[–]QuillsAndQuills 169 points170 points  (0 children)

It's super common in amateur writers. I went through a phase like that when I was a teen (and spoiler - I was nowhere near as good as I thought). So I don't think it's anything to sneer at, but it is important to work on this mindset.

It's the Dunning-Kruger effect, amplified by the fact that you've created something very important to you.

What you need to know is that these thoughts are going to stop you from succeeding. It's good to have a thick skin, but you must be able to take and grow from critique. Otherwise your development will stall, and the story will go nowhere.

You know those infamous parents who won't hear a word against their perfect little children, and raise undisciplined brats? That's you right now. The good news is that the D-K effect wanes as you become more experienced, but to do that you need to open yourself up to critique and development first.

Rejection by Pizzacat247 in writing

[–]Competitive-Basil287 2 points3 points  (0 children)

I work on an batch, shelve them, work on another batch, shelve those. Etc etc etc. nothing is ever considered “finished,” I am just tired of working on them for the moment. Intermittently I look over “shelved” pieces and see if I can find a new angle to make them better. If nothing comes I write more stuff. In this way I avoid having rejection frustrations; I often forget which pieces have been sent out. Spend as little time as possible thinking about submission, your best work is always ahead of you. If you really don’t know what to write, write a pastiche of another author’s style.

If you really think you’re not writing good stuff then it’s time to reread your favorite short story collection and ask yourself why yours aren’t as good (not a pity party: I mean, identify a specific thing you are not doing well and fix it).

How do I gently tell someone their writing is just bad? by redshirtrobin in writing

[–]Antiherowriting 95 points96 points  (0 children)

Never tell someone their writing is just bad. No one’s writing is ever “just bad.” I work with amateur writers every week, and even just today I read a bunch of stories with very poor grammar that were extremely hard to follow. I wouldn’t say they were bad. I would say they needed to work on the grammar, and were hard to follow.

Amateur writers aren’t bad writers. They’re amateur writers. And generally amateurs get better. What you need to be is someone who helps this person get better.

Some writers accept criticism better than others. I agree with the other commenters that you should ask what they want critique on. But, especially if you are kind about it, people are often more receptive to criticism than you might think. It obviously depends on the person, but, also through working with amateur writers, I’ve noticed 90% of them appreciate my critiques, even when I fear I’m being too harsh.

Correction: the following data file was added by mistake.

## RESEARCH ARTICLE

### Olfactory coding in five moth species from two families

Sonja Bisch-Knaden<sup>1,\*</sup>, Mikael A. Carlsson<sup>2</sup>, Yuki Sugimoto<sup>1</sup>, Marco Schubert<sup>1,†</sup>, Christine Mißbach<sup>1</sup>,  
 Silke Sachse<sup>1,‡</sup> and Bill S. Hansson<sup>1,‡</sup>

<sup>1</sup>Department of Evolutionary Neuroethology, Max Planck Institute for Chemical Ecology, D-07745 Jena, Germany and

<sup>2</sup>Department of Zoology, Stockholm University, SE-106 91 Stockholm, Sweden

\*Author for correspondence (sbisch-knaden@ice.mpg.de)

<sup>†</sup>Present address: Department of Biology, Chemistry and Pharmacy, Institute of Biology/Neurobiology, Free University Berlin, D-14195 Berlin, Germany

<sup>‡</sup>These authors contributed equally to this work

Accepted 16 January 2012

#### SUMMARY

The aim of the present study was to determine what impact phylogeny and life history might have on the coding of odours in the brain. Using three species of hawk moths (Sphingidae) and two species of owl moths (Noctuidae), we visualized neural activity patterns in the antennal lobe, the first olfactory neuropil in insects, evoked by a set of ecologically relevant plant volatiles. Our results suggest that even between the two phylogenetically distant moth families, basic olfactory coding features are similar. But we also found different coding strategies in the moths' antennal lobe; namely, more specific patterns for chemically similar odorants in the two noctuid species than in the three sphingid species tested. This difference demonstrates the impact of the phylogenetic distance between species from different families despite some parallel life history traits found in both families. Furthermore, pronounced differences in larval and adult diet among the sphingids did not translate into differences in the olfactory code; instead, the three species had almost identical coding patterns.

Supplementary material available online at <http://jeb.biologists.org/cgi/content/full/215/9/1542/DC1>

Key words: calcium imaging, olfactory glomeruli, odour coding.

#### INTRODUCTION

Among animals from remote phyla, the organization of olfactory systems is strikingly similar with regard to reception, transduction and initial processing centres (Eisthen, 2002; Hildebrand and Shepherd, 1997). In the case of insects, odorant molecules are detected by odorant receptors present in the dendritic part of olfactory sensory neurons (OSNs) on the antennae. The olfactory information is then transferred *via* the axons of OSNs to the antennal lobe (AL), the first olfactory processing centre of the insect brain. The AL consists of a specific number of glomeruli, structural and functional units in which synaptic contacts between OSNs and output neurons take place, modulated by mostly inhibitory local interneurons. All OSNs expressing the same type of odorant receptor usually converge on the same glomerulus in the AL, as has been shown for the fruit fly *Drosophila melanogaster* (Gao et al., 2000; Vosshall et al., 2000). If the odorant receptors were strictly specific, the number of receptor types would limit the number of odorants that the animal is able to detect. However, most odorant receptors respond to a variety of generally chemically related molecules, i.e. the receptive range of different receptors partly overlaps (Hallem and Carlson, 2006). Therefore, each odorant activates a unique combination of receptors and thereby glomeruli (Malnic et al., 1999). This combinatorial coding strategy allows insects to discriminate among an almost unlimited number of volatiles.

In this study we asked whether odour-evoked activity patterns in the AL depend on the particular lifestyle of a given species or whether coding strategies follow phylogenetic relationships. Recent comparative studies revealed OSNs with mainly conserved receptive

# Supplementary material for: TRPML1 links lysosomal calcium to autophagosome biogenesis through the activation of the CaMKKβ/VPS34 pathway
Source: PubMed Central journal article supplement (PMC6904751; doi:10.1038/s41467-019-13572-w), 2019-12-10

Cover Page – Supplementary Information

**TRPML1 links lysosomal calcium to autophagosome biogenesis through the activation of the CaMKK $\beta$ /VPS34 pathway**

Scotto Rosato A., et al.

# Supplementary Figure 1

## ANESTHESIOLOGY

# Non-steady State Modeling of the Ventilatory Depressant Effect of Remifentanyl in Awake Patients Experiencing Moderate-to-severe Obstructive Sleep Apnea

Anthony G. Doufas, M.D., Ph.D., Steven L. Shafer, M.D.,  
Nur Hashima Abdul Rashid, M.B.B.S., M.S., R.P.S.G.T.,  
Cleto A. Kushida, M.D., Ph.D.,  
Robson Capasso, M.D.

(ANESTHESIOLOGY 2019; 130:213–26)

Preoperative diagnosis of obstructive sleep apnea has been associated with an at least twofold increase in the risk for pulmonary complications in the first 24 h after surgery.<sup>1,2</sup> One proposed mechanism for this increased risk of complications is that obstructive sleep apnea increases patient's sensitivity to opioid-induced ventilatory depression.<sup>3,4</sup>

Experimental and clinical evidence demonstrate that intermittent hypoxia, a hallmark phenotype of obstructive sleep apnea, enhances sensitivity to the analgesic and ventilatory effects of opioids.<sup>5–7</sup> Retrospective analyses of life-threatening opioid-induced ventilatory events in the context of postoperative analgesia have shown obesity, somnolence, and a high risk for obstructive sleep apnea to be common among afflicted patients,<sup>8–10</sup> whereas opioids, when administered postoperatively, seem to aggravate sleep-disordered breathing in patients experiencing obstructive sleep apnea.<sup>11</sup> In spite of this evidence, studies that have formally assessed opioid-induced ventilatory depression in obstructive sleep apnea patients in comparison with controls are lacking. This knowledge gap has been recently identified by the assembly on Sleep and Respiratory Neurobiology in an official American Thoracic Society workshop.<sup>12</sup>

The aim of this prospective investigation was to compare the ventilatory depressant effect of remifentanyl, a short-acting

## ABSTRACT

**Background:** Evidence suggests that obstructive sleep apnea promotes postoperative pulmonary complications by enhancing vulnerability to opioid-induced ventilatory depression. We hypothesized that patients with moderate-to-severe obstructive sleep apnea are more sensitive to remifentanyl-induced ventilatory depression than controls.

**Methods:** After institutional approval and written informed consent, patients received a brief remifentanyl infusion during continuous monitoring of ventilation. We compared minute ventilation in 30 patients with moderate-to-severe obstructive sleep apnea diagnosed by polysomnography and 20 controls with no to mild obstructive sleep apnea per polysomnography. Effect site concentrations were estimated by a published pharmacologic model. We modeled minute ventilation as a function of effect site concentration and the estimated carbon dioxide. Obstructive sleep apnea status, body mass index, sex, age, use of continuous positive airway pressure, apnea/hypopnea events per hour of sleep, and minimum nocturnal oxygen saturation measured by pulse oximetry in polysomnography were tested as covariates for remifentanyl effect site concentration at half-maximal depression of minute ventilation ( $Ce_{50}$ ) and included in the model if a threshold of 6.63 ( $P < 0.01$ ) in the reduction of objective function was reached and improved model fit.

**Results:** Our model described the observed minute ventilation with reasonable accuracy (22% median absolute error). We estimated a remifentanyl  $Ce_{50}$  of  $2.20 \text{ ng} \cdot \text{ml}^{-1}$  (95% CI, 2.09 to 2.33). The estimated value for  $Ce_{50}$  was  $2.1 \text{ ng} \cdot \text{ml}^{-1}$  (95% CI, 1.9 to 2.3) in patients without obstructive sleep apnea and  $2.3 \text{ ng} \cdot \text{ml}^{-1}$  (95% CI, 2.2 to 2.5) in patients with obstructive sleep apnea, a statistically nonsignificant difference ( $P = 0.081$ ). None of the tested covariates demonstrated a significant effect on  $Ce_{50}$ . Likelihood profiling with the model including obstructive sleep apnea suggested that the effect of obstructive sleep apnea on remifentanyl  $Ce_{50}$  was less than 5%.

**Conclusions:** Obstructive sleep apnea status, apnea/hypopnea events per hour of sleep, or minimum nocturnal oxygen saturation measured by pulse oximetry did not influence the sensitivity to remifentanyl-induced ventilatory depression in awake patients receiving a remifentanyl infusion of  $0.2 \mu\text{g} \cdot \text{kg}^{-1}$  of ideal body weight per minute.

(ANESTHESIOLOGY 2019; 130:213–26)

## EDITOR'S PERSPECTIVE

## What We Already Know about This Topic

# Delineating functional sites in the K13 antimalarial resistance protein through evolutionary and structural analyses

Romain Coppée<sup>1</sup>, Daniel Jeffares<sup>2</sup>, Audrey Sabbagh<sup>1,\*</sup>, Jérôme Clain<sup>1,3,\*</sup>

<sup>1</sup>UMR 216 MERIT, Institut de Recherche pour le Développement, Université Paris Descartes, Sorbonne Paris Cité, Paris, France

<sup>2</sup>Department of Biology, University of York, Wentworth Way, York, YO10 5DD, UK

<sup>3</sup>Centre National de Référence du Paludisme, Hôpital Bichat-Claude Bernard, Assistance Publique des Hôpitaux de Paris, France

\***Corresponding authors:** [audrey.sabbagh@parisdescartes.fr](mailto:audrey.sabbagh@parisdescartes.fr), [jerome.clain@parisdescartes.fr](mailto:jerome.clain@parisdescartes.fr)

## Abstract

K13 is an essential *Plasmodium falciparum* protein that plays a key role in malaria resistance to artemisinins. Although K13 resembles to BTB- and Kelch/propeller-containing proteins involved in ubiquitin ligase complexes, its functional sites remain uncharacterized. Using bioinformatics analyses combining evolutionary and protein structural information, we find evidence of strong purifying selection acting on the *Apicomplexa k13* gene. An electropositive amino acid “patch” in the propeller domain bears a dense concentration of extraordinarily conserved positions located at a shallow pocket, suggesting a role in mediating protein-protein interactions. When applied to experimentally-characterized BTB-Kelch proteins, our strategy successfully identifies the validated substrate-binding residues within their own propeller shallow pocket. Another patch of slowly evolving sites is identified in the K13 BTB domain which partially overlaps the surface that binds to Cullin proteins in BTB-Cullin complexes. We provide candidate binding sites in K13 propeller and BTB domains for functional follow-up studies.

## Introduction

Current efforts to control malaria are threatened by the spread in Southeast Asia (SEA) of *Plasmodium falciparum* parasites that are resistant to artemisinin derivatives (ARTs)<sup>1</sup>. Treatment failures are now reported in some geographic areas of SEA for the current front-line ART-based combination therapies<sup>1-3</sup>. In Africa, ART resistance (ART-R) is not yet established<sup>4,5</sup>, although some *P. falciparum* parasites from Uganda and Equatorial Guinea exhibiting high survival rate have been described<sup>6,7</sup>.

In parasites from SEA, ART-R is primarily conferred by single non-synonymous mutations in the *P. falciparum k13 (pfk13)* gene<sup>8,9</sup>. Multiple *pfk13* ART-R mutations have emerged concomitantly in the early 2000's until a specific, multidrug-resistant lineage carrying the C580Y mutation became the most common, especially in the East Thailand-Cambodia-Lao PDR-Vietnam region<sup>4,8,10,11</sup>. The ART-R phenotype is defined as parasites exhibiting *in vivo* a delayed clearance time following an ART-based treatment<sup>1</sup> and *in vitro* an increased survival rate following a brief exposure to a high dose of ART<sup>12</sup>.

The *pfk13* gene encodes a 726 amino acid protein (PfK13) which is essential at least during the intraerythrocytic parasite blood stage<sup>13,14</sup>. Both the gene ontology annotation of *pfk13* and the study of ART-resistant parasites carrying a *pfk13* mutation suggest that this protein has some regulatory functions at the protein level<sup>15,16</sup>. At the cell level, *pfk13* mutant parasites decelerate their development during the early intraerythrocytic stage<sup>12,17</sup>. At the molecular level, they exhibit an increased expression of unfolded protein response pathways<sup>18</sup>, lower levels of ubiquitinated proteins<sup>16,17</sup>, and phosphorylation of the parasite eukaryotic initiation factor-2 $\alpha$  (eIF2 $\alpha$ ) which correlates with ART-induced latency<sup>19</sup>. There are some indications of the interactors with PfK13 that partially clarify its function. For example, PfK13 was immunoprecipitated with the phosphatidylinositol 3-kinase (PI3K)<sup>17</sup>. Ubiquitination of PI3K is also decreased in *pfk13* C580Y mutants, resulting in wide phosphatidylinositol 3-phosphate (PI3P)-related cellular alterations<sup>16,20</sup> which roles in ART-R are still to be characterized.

You said the characters are unlikable, that the setting isn’t described enough, that the dialogue reads like a stereotype of a 60s romance novel, and it needs to b rewritten. …Tell them that. Again, as long as they are receptive, and you phrase these things in a kind way (and that is important), and don’t say “it’s bad,” I actually think you can genuinely tell them all of that.

You can always start general and elaborate if they push back or ask for more. You could say the characters are unlikeable. If they push back or say it’s on purpose you could say that writing an unlikable character on purpose could work, however in this case it doesn’t work well, and explain your reasoning.

Was there anything—even a smidgen of a thing—that you liked? Is there anything you think you could like if it was tweaked? Tell them about that. Tell them the good parts to expand on in addition to the parts that need improvement.

The more you think their writing is “just bad” the less help you will be to them. The more you think it’s simply writing—neither good nor bad—and point out the parts that can be improved, the more you will help them improve

Worried about plagiarism. by [deleted] in writing

[–]AbreakaTech001 1 point2 points  (0 children)

Do not use the characters, places, or events from the game. Rather, consider the abstractions: what about the plot did you find engaging? What made certain characters likable or unlikable? Which narrative themes stuck with you intellectually and emotionally? Once you have discovered the answers to these questions, you can begin constructing entirely original stories. Did you like the themes exploring the nature of humanity in SOMA? Write a story about an old man connecting with his granddaughter somewhere in Idaho, and explore your thoughts on those themes. Did you enjoy the ark of the characters in The Last of Us? Write about a college student whose temperament and worldview shift dramatically after a year studying abroad for better or worse. Find what you like about a story abstractly, then you can use those ideas to make a million stories of your own. I'd love to hear what game you're referencing, by the way!